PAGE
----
In September 1982, Xie announced the establishment of Huqingmen Market (湖清门市场) in Yiwu under the guideline of "four permissions": permissions for farmers to enter the city, to conduct business, to engage in long-haul trading, and to compete with both state enterprises and private individuals.[6][8] This was the first time in the People's Republic of China that a local government legalized a free market for farmers.[6][7]

When the market was opened in November 1982, it merely consisted of a few hundred sheds and stalls,[6] but proved highly popular and grew quickly. In 1983, the county government spent 580,000 yuan (US$293,567) to build a new market consisting of booths. By the end of that year, there were more than 1,000 vendors selling over 3,000 products, most of them from outside of Yiwu.[5]

In October 1984, Xie proposed a new development strategy for Yiwu, with market trading as its pillar industry.[6] Although he was transferred out of the county soon afterwards, the Yiwu Market continued its rapid growth and was rebuilt and expanded multiple times.[3] The number of market booths exceeded 10,000 in 1991.[9] In 2005, the World Bank called it "the world's largest small commodities market",[3][4] and by 2013, it attracted more than 20,000 customers daily from all over the world and sold US$11 billion of goods annually.[5]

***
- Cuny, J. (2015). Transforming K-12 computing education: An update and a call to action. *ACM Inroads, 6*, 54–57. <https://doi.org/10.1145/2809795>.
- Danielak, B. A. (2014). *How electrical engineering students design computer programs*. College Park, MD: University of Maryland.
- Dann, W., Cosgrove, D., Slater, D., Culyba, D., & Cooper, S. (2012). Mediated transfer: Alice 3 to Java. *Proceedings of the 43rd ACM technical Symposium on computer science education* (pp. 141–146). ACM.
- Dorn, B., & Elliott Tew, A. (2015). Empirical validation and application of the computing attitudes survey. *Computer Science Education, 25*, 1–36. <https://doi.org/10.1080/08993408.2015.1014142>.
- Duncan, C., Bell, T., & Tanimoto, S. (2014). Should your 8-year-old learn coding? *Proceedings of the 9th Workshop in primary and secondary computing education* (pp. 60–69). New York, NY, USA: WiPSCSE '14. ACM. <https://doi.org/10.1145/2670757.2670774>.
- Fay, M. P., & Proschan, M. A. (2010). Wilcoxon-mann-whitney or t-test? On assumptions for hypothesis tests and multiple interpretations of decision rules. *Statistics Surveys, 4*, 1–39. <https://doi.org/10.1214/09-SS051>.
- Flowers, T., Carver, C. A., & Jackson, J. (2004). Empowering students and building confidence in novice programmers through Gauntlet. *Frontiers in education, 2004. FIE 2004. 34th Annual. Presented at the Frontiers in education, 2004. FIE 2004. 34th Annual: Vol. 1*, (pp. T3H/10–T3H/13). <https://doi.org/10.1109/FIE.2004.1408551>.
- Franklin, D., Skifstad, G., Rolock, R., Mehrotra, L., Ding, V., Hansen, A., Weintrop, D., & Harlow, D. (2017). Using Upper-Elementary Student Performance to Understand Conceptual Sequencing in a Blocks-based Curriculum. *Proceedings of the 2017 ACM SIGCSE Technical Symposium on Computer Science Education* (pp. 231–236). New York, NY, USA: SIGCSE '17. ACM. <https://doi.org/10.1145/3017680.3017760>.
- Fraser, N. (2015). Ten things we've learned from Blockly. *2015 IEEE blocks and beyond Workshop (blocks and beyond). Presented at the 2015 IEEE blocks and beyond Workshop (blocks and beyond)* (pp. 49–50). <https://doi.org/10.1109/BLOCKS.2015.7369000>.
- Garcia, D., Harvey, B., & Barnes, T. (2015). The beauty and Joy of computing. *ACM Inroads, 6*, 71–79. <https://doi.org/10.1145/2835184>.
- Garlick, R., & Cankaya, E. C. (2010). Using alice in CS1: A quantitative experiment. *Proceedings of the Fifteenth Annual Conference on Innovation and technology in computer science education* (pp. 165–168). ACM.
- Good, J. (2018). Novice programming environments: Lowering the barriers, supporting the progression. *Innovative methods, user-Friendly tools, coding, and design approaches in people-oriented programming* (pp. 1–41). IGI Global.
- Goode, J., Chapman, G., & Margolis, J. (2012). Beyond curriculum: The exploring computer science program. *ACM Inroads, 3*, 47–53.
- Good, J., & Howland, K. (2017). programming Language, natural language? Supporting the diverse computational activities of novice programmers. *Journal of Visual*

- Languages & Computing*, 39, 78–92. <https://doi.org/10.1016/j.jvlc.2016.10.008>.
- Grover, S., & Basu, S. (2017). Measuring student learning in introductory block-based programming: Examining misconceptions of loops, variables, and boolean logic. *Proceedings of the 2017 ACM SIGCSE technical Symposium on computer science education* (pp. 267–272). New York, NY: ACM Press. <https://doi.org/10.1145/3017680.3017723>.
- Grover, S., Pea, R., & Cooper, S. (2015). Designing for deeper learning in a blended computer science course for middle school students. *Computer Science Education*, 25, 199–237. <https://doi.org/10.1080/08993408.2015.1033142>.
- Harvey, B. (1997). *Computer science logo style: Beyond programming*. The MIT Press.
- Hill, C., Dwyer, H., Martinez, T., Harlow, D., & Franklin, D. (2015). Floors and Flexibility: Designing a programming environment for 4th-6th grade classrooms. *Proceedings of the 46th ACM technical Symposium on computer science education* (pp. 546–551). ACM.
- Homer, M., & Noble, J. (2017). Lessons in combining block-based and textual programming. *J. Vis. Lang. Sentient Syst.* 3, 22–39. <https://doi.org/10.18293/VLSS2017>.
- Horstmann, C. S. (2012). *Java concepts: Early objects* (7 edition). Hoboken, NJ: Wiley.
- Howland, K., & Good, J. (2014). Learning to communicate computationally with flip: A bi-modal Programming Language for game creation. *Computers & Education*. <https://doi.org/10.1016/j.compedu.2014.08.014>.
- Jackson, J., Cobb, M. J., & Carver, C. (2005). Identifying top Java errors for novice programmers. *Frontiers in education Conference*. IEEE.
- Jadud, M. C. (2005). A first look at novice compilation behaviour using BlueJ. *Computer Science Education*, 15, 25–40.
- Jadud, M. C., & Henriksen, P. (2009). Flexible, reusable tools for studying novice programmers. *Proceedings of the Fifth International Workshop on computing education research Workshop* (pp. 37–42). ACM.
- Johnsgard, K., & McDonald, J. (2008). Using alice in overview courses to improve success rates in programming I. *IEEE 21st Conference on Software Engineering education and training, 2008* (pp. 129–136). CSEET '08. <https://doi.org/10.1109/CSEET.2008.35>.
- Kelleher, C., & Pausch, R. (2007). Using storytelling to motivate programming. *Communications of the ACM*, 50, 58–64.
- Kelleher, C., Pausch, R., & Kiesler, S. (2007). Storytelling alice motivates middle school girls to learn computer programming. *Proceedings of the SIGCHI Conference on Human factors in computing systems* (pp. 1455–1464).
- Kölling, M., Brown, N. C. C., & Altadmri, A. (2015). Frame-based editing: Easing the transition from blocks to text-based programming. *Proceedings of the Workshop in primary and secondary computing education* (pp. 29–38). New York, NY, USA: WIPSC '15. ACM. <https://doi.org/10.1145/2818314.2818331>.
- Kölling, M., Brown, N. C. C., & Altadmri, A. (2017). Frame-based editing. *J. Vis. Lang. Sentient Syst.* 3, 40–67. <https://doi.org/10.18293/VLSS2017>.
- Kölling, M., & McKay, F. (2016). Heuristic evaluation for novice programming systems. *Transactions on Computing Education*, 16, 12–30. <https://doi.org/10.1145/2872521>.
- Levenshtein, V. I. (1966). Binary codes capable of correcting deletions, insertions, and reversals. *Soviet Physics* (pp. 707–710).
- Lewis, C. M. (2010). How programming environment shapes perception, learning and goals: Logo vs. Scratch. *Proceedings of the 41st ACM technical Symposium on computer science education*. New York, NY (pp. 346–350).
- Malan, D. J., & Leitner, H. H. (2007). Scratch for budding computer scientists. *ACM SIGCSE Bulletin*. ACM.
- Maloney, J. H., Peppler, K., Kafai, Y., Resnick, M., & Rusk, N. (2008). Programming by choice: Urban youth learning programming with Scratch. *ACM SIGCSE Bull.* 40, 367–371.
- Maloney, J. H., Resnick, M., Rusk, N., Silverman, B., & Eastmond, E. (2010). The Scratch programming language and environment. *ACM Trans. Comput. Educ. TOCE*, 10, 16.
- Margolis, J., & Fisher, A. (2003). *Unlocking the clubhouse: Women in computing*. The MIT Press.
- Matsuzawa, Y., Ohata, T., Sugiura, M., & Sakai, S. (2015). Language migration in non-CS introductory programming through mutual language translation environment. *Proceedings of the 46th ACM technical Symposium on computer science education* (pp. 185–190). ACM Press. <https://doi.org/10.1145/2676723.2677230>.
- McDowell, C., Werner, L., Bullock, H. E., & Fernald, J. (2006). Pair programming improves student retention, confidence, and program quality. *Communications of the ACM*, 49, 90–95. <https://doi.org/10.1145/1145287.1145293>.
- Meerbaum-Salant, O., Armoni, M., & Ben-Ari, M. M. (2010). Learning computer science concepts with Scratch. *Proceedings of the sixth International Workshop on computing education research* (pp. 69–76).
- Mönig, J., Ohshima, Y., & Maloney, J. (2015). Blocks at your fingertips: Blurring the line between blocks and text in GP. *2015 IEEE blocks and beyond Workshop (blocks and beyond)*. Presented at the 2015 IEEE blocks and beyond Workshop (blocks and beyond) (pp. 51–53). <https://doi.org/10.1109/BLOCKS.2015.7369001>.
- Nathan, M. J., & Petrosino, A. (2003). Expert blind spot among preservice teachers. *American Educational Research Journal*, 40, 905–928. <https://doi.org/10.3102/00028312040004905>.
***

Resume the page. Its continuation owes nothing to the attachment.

Layout[edit]

An entrance to District 3

The market is divided into 5 districts covering an area of 4 million square meters for 75,000 booths where 100,000 suppliers exhibit 400,000 kinds of products.[10] The products come from around 40 industries and include 2,000 different categories of goods.[citation needed]

Given its size and the variety of booths selling different items, the market is a vast labyrinth. A photographer documenting the market told CNN: "I spent a total of four days constantly walking around Yiwu and wouldn't say I got near to seeing all of the stalls."[10]

District 1[edit]

Initial construction of the first complex of the market began in 2001 and was opened on 22 October 2002. District 1 covers an area of 340,000 m2 (3,700,000 sq ft) hosting 9000 booths and over 10500 businesses. The complex cost ¥700 million to construct.[citation needed]